Beginning a Continuous Improvement Program

The first step is ensuring that your company is organized enough to support the improvement.

Columns From: 3/19/2013 Modern Machine Shop,

Editor's Commentary

From the monthly column: CNC Tech Talk

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Mike Lynch

Companies with CNC machines are constantly looking for ways to improve productivity. For example, I have visited many that are highly interested in reducing setup and cycle times. However, in almost all cases, especially those that are trying to make improvements for the first time, they immediately encounter a roadblock that puts the improvement program on hold: organization.

The first step to continuous improvement is ensuring that your company is organized enough to support the improvement program. Before
you can begin to reduce setup or cycle times, or begin an improvement program of any kind, for that matter, your company must become better organized.

Every task a worker performs is directly affected by a company’s level of organization, and, generally speaking, improving organization will often render the single-largest benefit for the company. The more often a task is performed, of course, the easier it is to justify improving it. Since a company’s level of organization affects every task, it should be very easy to justify whatever it takes to get better organized.

Disorganization is pretty easy to spot. Cluttered work areas, difficult-to-find or lost components, jam-packed drawers and cabinets, perishable components (like inserts) that don’t get replenished, and confused people are but a few obvious symptoms of disorganization. As you walk your shop, take an objective look. Can people easily find the components they need? Are their work areas clean and orderly? Do all often-used handtools have a place, and are they in their place? If you think your company is at all weak in these areas, you must get better organized.

The second step to continuous improvement is directly related to the first: ensuring that people are truly prepared to perform their assigned tasks before they start them. How close you can come to accomplishing this will act as a good gage of how well-organized you are.

Pick a task, any task. Watch your employees perform it. Do they have everything they need as they begin, or do they have to walk away mid-task to get some needed component? Do they walk away several times to retrieve needed items? Do they have to stop somewhere along the way to study or ask questions? Worse, do they have to backtrack, redoing some or all of what they have done so far?

Consider, for example, the task of making a workholding setup. This requires a workholding fixture, the handtools needed to mount it, any instruments (such as a dial indicator) needed to align it and raw material needed to load it. All of these components should be gathered before a person begins the process of making the workholding setup, eliminating the wasted time during the task required to retrieve needed items.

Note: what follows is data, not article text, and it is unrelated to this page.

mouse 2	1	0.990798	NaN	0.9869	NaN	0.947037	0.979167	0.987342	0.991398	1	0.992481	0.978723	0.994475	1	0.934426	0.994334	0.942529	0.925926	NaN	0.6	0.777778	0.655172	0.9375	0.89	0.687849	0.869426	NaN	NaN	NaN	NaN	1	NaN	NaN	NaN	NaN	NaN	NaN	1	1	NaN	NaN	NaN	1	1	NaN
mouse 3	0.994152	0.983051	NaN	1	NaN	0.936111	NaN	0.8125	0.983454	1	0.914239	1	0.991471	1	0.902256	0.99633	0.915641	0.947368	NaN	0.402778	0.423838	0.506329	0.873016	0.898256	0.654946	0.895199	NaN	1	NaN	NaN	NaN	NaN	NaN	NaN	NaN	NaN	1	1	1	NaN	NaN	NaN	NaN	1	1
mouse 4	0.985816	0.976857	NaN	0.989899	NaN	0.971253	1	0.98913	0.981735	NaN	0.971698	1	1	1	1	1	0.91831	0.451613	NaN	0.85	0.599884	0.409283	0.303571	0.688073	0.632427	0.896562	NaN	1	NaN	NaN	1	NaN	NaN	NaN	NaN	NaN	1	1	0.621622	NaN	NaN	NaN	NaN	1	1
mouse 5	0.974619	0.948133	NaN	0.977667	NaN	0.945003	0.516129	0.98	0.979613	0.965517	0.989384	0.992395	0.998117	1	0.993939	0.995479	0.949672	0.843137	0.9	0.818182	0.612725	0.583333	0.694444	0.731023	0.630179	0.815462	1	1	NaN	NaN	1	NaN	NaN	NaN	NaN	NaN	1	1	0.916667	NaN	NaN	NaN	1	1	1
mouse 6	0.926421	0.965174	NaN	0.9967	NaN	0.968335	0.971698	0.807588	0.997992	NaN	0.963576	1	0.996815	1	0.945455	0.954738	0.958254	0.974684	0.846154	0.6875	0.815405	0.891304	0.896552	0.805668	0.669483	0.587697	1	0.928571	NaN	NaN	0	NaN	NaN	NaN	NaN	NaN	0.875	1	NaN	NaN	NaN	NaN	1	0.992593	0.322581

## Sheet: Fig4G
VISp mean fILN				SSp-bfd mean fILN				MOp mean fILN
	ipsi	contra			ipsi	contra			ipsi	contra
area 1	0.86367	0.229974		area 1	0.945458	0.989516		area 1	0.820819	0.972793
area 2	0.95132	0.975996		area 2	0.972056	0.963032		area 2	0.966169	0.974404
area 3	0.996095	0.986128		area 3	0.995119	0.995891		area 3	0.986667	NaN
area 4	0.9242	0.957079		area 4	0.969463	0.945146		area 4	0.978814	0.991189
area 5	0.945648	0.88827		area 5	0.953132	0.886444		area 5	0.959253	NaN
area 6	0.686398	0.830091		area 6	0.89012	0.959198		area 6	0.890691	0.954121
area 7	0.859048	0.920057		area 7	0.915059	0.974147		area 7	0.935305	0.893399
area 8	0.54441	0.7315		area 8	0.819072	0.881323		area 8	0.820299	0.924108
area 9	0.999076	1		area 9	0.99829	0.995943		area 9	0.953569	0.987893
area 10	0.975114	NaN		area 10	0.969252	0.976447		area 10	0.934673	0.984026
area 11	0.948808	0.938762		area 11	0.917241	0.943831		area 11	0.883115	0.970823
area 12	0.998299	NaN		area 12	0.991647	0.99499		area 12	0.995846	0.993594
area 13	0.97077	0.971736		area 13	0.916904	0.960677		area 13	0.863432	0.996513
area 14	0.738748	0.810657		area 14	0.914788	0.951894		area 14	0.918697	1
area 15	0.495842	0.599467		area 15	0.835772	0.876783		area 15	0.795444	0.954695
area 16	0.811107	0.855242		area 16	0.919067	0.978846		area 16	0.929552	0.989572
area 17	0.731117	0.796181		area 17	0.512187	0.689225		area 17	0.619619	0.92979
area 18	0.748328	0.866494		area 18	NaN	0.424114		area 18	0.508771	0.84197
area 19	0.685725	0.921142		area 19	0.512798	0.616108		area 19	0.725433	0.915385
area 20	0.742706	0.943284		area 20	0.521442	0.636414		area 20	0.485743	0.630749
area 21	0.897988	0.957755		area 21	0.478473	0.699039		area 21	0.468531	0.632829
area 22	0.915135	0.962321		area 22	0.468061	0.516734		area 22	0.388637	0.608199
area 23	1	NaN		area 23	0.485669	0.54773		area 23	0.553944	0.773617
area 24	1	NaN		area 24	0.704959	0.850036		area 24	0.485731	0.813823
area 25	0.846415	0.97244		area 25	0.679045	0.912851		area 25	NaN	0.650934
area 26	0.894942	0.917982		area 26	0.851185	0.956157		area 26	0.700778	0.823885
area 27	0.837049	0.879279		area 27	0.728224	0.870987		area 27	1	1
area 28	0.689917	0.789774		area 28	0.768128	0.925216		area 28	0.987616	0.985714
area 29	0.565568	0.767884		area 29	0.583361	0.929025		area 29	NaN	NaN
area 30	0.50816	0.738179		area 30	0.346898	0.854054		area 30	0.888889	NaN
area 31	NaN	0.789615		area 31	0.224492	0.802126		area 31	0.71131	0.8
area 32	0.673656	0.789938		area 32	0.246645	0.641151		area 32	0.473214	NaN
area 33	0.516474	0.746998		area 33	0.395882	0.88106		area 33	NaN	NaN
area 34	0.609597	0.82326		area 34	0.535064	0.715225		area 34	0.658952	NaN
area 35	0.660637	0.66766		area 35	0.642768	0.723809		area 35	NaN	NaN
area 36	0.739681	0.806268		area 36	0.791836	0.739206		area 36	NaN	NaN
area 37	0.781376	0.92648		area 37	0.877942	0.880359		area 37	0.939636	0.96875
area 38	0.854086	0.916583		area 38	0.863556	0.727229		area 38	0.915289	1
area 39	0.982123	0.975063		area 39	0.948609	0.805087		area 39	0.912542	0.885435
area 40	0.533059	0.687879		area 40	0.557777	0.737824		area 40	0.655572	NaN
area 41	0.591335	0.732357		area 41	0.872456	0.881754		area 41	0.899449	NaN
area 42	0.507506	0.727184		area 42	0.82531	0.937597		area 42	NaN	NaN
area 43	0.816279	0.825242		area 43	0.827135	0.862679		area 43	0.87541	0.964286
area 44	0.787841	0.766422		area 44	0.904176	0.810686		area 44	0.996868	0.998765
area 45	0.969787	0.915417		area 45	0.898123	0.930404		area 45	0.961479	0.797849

Ideally, this gathering of components will be done while the machine is in production, running a previous job. When the gathering is done off-line, the urgency is substantially reduced; a machine is not sitting idle, waiting on needed components.

In many companies, however, there simply aren’t enough people available to do all the
gathering offline. This means the machine will be down while the gathering is completed, and it probably will be a very skilled and highly paid setup person who does the gathering. This dramatically increases the urgency related to gathering needed components.

To achieve this second step to continuous improvement and ensure that only one trip is required to do all of the gathering related to performing a given task, your company must be organized. The components themselves must be logically organized and stored to minimize gathering time and to make it possible for lesser-skilled workers to do the gathering.

We are assuming, of course, that the person performing the task knows which items he or she will need before beginning the task. This lack of knowledge can explain multiple trips to get needed components. The worker may complete part of the task before realizing the need for some other item—and he or she has to go get it mid-task.

We also are assuming this worker knows how to perform the task. If not, he or she must learn how, which often means interrupting someone (usually a more experienced person) and asking for help. 

Both of these concerns can be handled beforehand through documentation related to the specific task to be accomplished. This documentation must specify the needed components and provide instructions for how to complete the task.

I cannot stress enough how important it is that you first make sure that your company is organized enough to then achieve the second step of making sure that your workers are prepared. Much, if not the majority, of wasted time and duplicated efforts are related to a disorganized environment and employees who are not truly ready to begin their assigned tasks.  

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